Concerning proposed increases in some rivers' flows

Badlands Journal editorial board has come to its position about the proposed changes in the distribution of surface and groundwater in the Delta and San Joaquin Valley.
The new appropriation of river water and regulation on pumping groundwater comes down to a battle between the California executive resource agencies and the money, influence and lawyers a half a dozen northeast valley irrigation districts can muster to defeat it. In other words, lobbyists vs. the bureaucracy, with a supporting chorus of county officials, local newspapers, farm bureaus, etc.
The state claims it must take more river water to protect endangered species in the Delta. The irrigation districts that take water from the Merced, Tuolumne and Stanislaus rivers claim the water will end up in Southern California. At a bit more complex a level of description,   the additional river water from San Joaquin River tributaries will replace water taken from the Sacramento River, which would normally keep salt water from the San Francisco Bay from turning the whole Delta into a slough. The peripheral tunnel project, beloved by Gov. Jerry Brown, would take a quantity of fresh water from the Sacramento River above the Delta, ship it under and around the Delta to canals running south to Southern California cities and the powerful agribusiness interests on the west side of the valley. Just to add a tiny bit more, the state has required additional flows into the Delta for environmental reasons from the Sacramento River as well.
Meanwhile, in addition to a severe drought that has forced farmers to rely more on groundwater, the state has mandated that most groundwater basins develop plans to sustain groundwater levels in the future. Voluntarily. If not, the state claims it will step in and it already has stepped in to sort out groundwater issues in the Redding area.
Also, the San Joaquin River for the first time in more than 60 years, will flow year-round across the valley, as the result of the settlement reached on a lawsuit almost half the age of the dam and the canal that diverted its flow to farmers on the southeast side of the valley.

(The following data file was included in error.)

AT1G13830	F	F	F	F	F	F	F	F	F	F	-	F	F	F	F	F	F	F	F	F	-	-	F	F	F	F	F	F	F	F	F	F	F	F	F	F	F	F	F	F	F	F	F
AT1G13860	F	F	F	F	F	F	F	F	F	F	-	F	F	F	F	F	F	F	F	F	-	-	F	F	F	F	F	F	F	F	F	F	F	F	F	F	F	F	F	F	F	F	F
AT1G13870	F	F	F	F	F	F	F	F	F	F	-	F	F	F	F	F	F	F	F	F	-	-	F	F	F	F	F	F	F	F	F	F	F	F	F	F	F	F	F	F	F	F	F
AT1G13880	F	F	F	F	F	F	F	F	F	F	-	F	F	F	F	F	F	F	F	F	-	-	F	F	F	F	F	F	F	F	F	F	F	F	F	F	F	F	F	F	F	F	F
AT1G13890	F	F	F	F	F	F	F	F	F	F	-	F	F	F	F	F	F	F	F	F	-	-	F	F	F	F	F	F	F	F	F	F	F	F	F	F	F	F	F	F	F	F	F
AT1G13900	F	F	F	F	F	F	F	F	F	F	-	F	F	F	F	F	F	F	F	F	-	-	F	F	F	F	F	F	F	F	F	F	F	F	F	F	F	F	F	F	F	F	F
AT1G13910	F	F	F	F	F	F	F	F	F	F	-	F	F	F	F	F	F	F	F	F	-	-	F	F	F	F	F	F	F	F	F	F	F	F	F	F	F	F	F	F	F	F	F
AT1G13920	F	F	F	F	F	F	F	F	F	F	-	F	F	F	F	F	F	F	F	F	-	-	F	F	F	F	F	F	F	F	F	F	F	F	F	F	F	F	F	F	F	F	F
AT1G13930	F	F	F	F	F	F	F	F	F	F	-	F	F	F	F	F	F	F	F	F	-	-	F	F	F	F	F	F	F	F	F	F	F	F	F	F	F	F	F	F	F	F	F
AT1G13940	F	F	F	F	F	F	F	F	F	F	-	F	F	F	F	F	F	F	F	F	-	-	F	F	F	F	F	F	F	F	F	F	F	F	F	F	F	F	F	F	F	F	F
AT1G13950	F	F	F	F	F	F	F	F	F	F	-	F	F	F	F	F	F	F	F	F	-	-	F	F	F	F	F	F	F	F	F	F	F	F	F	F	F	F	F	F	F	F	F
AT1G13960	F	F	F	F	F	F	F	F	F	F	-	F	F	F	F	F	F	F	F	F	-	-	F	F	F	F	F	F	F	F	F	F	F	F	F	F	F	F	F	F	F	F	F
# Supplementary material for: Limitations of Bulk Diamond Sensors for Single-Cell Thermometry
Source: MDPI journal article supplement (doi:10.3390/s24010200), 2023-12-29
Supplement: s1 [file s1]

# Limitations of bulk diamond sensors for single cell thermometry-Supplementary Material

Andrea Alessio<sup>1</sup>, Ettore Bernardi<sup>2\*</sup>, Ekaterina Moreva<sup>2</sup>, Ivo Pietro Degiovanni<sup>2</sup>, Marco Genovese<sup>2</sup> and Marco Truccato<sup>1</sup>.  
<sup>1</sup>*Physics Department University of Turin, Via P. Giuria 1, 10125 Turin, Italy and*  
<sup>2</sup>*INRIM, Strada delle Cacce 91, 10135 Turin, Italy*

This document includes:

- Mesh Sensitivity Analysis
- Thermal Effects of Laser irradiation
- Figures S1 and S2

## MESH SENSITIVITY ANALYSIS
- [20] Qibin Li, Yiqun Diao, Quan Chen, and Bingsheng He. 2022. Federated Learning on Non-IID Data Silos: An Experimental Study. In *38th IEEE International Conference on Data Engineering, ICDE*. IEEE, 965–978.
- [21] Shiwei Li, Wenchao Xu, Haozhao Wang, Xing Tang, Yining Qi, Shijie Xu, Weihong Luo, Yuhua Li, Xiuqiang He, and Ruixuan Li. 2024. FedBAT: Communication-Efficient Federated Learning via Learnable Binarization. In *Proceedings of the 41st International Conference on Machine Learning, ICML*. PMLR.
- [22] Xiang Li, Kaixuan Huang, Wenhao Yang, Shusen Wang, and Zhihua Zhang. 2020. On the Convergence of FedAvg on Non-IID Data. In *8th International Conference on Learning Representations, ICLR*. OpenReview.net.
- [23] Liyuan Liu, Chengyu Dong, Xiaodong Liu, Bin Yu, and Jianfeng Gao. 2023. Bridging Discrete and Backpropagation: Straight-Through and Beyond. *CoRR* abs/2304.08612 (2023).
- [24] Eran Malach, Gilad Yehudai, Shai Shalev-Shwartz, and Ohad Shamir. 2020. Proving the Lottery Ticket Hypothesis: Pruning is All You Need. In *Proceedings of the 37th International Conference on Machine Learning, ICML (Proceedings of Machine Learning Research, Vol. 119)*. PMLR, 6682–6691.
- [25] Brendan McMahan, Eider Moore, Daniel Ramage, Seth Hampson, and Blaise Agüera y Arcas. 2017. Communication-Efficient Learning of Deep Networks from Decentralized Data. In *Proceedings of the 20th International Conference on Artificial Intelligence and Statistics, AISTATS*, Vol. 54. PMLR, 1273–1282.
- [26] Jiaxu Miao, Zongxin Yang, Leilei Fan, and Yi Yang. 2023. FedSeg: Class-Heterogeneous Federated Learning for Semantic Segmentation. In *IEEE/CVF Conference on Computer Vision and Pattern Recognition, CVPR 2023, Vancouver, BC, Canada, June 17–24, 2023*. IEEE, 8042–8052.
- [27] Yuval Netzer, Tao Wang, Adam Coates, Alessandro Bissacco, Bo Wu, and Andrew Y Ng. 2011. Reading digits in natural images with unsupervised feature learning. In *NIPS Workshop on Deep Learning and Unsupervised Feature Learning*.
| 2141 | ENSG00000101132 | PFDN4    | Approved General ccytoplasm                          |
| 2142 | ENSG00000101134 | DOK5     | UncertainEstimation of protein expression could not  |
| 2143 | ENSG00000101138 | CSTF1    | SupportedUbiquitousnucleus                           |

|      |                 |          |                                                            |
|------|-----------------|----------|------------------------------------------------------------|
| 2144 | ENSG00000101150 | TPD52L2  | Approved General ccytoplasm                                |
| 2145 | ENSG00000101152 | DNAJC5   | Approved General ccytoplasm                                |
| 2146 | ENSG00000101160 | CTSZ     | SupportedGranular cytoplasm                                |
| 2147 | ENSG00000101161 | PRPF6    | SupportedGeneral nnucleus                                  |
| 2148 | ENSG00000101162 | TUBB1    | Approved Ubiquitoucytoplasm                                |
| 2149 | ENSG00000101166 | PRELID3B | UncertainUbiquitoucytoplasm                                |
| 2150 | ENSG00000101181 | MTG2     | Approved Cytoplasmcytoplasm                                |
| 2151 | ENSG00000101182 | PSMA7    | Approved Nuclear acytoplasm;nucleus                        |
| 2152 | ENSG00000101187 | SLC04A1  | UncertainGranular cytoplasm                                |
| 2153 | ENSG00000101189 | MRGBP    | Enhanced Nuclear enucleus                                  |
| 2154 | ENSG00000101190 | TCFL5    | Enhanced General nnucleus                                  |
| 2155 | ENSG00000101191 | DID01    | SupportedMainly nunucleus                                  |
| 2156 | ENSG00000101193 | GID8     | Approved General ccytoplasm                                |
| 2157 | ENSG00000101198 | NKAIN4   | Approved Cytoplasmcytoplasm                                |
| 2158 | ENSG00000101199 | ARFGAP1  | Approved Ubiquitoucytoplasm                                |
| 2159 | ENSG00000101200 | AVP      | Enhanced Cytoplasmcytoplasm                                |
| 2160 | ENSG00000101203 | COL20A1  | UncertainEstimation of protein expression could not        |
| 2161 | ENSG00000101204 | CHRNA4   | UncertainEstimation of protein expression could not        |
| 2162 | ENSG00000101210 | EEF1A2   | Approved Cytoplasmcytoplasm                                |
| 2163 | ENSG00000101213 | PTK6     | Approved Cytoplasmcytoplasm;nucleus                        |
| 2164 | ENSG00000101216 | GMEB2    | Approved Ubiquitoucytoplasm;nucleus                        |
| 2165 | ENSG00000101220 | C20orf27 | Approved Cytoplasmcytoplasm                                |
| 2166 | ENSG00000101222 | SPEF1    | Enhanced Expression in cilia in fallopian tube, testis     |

Agribusiness didn't agree with any of these plans, settlements and policies restricting the amount of water available for farming because without either surface or groundwater, particularly with the arrival of global warming, San Joaquin Valley agriculture will disappear, at least in the form we know it. Of course, farmers will be paid off by the government, as they are for every disaster, crop subsidy or crop-insurance subsidy or conservation deed they perform. And after the land is already salted up from irrigation, taxpayers will pay for it based on some imaginary agricultural value it no longer has.
Government payments aside however, this does not mean that farmers will not fill the air with whines and screams, threats and curses. It is ludicrous to assume that agricultural interests will ever accept "voluntarily" any reduction in the amount of water their irrigation districts are allowed to take from any river because in the sad world of their delusions, they own the rivers. In fact, they own land only as profitable as the amount of water they can apply makes it. The state will have to find the means and the will to enforce all these restrictions bravely proposed by state resource bureaucrats in the sunset of Gov. Jerry Brown's fourth term in office.
If the government doesn't enforce groundwater-pumping restrictions well ahead of its present schedule, valley aquifers will crash and land will subside with disastrous consequences for the agricultural and municipal future. Furthermore, the amounts of river water proposed to be taken for environmental reasons are not enough for the job, according to environmentalists.
Meanwhile, other irrigation districts will continue to flourish right up to the moment when the soil is so full of salt that it can no longer be profitably farmed, whereupon the districts will make larger contracts with municipal districts. They will need to retain larger fees in part to rebuild canals damaged by land subsidence caused by groundwater pumping, including their own, adjacent to the canals.
This is as far as we can see into it at the moment. Given that Modesto, in the center of the affected region, is the administrative home of the dairy and almond industries, the Gallo Wine Co., and several state and national secretaries of agriculture, we assume the flow of propaganda, long-standing political power and money against the state's proposal will be enormous, incredibly distorting, and possibly successful. A city whose triumphal arch reads "Water Wealth Contentment Health," lives at a high level of denial, a high level of crime, unemployment, and disease.
-- blj
Modesto crime rate
Modesto unemployment
Stanislaus County ranks near bottom in state for health

County resolutions against governor's proposal
New water fight



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